4. SUPPORTING HIS SONS

All parents support their children, but Charles really puts his money where his mouth is. According to recent reports, Prince Charles pays out £1 million a year to support his two adult sons, Princes William and Harry, as well as their dependents and staff. Harry just quit the military and went to Africa to help conservation efforts, and William is an air ambulance pilot. Neither makes enough to support the kinds of travel and living that royalty requires. 

5. NOT PAYING ENOUGH IN TAXES

So, the Duchy of Cornwall is a bit of a money-spinner—good for crown and country? Not exactly. According to recent reports in the British media, Prince Charles pays less tax on the massive £19 million annual income from his Duchy of Cornwall estate than his servants do. The Prince came under fire in 2013 for paying just under 24 percent in direct and indirect tax on his earnings from the estate, as well as for legitimately writing off much of his expenses incurred from official duty as business expenses. Labour MPs put the Prince in the same camp as “tax dodgers” Google and Starbucks, with now-former MP Austin Mitchell claiming that not classifying the Duchy of Cornwall as a corporation—a “medieval anomaly”—was just an opportunity for the Prince not to pay corporation tax.

6. WRITING BOOKS

Prince Charles is, as we’ve mentioned, legitimately passionate about matters of ecological concern. He’s even written two books about the subject: Harmony: A New Way of Looking At The World, which describes itself as in the same vein as An Inconvenient Truth, and On the Future of Food, taken from his keynote speech at the Future of Food conference at Georgetown University in 2011. But that’s not all! In 1980, he wrote a children’s book based on a story he used to tell his younger brothers Andrew and Edward; The Old Man of Lochnagar is the tale of a gruff old man in a desperate search for peace and quiet and a hot bath. The book was made into a BBC animated film, with the Prince narrating, and later, with the Prince’s permission, a ballet.

7. PAINTING

Charles is a keen watercolor artist, with a good eye for scene, coloring, and, of course, making money; limited edition lithographs of his paintings can be bought from his Highgrove shop for around £2500. In 2013, 130 of his works were published in an online gallery; one critic denounced the Prince’s artistic efforts as “torpor-inducingly conventional,” and “so pedestrian to be almost laughable,” though he did admit that they weren’t all bad, by any means, and that the Prince was indeed tapping into a longstanding British royal tradition—Queen Victoria herself was a watercolor artist.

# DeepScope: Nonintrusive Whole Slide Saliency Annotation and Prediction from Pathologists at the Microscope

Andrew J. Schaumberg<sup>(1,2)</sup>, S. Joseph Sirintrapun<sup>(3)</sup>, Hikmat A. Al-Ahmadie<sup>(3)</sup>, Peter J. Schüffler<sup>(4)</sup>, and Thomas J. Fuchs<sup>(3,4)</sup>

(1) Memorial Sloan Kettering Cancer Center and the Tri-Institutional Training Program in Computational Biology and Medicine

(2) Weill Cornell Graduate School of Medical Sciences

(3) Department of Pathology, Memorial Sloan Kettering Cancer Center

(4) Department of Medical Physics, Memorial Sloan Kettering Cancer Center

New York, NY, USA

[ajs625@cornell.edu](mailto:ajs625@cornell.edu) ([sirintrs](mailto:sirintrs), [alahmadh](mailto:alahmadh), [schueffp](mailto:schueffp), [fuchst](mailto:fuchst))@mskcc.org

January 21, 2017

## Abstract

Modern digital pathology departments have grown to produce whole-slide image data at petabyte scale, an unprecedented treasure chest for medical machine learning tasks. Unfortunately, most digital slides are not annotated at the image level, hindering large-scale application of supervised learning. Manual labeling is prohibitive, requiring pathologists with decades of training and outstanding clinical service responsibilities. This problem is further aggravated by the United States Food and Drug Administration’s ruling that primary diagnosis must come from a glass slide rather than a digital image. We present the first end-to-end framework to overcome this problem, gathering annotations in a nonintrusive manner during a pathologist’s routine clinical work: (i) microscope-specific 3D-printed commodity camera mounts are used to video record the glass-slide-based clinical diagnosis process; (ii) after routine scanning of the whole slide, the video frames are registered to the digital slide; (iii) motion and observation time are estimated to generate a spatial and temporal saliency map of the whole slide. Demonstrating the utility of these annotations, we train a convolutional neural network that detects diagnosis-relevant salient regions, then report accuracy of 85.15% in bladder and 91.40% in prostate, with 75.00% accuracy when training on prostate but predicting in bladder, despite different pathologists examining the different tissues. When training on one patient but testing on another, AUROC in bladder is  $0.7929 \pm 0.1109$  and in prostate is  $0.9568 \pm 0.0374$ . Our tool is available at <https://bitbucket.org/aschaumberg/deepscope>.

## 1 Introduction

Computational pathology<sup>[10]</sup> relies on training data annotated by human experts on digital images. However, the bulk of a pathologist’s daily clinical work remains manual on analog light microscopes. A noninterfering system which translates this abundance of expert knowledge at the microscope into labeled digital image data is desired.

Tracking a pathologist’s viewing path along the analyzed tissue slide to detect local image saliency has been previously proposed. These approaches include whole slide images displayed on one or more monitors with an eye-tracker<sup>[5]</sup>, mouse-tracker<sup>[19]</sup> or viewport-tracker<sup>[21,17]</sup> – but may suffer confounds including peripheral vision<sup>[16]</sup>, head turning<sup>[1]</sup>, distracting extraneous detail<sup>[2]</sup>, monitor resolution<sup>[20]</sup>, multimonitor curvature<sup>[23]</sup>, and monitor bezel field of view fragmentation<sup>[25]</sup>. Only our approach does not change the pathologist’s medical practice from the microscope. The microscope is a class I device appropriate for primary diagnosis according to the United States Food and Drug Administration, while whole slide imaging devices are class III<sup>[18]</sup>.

8. LOBBYING

The British monarch has been more of a figurehead since the Georges, when the power of Parliament demonstrably outstripped that of the crown; accordingly, members of the royal family aren’t traditionally meant to use their position to influence politics. But in May of this year, evidence that Prince Charles may have been using his title to push his own agenda came to light. The “black spider memos,” so-called after the Prince’s idiosyncratic scrawled handwriting and released by The Guardian after a freedom of information request and years-long legal battle, are a series of letters written by the Prince to sitting British government ministers and politicians. In them, he’s self-deprecating and empathetic—and always clear about what he’s asking for. 

So what was he asking for? Well, nothing that the public didn’t already know: The Prince’s concerns for the kingdom have always been a bit random. From then-prime minister Tony Blair, he demanded better equipment for troops serving in Iraq, but also lobbied against the outlawing of certain herbal remedies; from other ministers, he asked for action on the common weed ragwort, greater protection for the Patagonian toothfish (also known as Chilean sea bass) and the albatross, help for small farmers, and more funding for the preservation of historic buildings and sites.  

The reaction of the British public and press was less outraged and stunned than The Guardian could have hoped; some even defended the Prince for having opinions about the nation he will someday rule. It’s also clear that though ministers were obliged to write back long and vaguely sycophantic responses—signed, in some cases, “your Royal Highness’s most humble and obedient servant,” per custom—few actually acted on his suggestions. Perhaps all the memos really did was to underscore how limited his influence actually is.

9. FIGHTING CLIMATE CHANGE